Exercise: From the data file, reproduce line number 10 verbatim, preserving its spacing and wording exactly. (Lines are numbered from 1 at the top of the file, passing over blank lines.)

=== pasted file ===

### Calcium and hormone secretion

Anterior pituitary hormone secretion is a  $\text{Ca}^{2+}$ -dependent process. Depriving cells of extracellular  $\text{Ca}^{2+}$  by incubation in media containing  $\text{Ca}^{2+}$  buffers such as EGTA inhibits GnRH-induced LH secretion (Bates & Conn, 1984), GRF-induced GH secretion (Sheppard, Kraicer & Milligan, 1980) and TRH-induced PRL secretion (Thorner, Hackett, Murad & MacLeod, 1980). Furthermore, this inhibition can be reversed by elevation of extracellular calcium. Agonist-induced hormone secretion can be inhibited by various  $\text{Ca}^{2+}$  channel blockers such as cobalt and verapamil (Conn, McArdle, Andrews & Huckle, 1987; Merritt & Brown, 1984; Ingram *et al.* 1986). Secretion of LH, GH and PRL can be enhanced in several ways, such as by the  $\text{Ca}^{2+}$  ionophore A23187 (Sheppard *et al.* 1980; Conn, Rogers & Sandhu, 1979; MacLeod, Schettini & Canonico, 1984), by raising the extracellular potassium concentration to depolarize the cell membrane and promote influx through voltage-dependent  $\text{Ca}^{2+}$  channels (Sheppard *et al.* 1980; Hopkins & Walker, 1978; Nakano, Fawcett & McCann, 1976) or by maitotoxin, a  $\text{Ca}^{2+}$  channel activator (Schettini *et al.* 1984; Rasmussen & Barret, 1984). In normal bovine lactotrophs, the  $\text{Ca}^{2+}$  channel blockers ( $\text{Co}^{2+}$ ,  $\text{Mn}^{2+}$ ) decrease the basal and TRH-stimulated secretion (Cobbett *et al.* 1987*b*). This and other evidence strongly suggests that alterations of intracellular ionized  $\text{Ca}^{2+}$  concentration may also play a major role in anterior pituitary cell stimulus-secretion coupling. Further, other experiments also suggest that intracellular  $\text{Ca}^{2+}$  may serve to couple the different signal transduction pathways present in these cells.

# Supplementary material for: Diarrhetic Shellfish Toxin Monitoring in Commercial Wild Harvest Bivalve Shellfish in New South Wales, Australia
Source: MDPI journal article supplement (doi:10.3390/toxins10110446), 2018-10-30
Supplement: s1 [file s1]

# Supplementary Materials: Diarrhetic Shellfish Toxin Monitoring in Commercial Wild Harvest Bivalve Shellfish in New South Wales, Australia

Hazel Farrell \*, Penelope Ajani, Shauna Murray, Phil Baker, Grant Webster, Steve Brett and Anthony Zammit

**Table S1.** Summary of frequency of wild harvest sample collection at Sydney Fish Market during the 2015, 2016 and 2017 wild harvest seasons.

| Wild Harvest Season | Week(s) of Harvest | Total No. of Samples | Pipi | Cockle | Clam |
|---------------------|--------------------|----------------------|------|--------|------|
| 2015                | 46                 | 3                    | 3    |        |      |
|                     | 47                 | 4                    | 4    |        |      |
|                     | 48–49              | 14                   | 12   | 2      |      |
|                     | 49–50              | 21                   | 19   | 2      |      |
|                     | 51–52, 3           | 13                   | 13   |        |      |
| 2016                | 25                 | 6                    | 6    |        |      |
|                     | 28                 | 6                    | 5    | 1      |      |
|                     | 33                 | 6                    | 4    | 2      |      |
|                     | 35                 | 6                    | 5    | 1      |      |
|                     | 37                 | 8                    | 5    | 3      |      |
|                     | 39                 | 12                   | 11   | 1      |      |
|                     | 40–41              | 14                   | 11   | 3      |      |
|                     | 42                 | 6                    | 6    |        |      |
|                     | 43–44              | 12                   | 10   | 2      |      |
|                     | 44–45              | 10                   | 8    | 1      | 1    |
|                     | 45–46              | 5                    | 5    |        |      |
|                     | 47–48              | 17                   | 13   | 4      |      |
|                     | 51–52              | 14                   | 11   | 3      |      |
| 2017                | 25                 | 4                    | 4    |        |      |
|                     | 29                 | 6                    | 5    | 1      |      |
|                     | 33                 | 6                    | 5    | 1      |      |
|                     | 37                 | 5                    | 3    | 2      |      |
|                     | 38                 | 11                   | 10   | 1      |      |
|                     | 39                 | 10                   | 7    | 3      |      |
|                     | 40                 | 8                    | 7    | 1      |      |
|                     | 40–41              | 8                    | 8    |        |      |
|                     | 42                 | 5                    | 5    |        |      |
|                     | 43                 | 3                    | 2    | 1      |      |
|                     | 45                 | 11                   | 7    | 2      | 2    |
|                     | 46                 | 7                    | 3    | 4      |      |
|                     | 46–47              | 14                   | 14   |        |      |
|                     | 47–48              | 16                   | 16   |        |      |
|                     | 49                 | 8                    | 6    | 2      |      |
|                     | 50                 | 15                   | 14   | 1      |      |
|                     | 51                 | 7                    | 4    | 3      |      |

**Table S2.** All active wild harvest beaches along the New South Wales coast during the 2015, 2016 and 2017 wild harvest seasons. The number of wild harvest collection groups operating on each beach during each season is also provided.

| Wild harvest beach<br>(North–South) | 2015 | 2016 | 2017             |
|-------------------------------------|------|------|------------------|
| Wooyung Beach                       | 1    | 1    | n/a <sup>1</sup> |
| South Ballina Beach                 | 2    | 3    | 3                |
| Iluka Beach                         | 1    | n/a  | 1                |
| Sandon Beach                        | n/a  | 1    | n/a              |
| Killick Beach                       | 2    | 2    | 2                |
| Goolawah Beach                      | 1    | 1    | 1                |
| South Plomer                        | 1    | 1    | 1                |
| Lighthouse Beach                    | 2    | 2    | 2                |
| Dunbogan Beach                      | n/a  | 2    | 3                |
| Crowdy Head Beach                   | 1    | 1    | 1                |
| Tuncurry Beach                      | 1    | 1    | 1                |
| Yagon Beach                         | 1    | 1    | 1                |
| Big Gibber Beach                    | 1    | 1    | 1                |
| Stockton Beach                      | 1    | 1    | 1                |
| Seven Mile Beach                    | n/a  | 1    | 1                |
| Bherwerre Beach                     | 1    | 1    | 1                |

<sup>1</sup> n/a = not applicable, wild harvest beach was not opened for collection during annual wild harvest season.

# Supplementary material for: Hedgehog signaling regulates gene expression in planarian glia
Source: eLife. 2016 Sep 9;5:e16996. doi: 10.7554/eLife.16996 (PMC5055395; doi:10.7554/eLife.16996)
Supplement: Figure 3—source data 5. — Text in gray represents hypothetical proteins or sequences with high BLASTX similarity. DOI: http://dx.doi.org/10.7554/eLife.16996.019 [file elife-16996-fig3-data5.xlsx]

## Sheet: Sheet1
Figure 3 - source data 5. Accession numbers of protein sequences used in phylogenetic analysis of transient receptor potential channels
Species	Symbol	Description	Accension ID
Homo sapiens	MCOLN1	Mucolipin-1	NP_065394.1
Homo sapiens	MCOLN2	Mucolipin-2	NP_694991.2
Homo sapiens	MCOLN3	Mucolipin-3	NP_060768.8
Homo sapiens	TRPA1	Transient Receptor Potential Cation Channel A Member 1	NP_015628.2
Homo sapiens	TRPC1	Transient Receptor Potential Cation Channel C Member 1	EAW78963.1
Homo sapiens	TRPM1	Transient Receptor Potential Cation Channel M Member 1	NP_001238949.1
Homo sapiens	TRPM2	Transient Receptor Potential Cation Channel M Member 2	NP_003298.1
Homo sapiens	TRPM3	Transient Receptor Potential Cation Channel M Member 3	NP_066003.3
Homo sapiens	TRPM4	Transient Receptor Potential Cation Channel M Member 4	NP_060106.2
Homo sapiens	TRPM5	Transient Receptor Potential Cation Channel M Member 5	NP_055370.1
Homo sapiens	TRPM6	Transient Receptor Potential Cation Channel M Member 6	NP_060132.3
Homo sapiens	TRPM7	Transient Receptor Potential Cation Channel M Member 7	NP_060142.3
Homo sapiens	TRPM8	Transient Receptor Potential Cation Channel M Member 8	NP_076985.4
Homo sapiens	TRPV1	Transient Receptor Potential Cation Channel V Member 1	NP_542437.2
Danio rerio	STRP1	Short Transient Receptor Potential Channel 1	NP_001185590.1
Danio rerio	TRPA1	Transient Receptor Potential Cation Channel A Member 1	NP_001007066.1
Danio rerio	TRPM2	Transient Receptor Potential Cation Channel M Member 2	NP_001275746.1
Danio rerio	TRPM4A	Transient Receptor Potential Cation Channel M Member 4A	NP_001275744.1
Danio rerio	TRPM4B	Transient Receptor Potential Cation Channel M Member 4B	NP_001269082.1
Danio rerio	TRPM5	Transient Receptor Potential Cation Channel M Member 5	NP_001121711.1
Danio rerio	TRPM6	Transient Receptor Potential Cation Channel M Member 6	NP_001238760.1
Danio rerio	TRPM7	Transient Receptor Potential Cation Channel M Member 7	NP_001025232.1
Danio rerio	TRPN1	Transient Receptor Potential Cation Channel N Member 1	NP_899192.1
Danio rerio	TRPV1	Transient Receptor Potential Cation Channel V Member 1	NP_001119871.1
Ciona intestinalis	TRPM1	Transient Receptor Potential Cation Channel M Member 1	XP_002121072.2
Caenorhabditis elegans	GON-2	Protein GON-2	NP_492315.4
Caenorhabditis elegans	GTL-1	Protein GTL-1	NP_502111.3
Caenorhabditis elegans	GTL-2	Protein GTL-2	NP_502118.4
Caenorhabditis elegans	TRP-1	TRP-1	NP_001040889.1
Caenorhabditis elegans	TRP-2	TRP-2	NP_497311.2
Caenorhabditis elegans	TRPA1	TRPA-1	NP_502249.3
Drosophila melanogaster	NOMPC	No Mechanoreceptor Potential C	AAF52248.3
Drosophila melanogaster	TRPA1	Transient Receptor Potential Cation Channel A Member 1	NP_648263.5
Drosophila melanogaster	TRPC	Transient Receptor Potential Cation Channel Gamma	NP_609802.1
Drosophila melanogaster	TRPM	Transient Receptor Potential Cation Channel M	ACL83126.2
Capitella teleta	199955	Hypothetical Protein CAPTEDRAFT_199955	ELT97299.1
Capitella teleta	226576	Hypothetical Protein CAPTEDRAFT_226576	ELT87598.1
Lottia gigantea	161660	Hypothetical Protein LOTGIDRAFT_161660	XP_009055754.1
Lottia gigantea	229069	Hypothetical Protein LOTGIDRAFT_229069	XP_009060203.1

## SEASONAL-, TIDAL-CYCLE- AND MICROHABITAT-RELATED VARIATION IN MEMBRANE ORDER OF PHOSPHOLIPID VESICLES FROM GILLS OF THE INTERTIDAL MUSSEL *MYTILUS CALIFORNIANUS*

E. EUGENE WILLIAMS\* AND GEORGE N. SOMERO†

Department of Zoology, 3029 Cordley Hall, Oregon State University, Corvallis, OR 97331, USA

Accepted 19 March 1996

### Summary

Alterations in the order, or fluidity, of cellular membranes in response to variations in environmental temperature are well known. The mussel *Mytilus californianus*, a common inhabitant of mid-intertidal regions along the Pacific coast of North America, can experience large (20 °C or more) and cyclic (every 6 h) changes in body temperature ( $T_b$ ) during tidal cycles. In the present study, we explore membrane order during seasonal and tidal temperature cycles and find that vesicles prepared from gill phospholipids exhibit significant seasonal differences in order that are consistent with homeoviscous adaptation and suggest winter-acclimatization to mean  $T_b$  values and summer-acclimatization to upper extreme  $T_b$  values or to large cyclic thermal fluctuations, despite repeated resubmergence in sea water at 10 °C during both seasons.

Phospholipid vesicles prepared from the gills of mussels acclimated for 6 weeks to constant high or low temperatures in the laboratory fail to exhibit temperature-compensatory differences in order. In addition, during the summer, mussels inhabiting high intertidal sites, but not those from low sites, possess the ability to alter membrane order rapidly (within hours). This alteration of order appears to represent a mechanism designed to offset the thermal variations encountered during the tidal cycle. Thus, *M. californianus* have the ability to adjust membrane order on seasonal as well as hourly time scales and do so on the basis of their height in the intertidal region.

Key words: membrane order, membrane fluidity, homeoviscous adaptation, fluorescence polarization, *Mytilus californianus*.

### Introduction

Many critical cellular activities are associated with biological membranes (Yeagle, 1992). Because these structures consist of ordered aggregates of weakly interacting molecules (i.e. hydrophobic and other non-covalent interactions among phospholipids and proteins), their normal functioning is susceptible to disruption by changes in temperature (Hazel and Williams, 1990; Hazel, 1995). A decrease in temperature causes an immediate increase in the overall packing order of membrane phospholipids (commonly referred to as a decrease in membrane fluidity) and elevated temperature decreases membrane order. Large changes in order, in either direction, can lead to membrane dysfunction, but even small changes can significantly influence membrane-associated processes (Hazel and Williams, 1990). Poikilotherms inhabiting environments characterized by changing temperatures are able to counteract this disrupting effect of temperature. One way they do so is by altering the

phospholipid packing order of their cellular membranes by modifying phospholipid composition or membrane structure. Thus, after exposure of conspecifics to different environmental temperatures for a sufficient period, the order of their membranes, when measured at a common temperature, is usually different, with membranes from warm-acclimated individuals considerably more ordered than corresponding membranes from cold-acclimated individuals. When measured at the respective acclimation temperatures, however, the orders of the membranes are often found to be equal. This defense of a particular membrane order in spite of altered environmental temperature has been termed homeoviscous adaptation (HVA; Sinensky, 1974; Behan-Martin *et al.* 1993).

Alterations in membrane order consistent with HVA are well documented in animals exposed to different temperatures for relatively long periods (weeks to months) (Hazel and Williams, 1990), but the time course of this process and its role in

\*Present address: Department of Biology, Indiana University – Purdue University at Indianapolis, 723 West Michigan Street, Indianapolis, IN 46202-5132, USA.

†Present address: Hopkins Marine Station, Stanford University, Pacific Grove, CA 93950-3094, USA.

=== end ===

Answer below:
|---------------------|--------------------|----------------------|------|--------|------|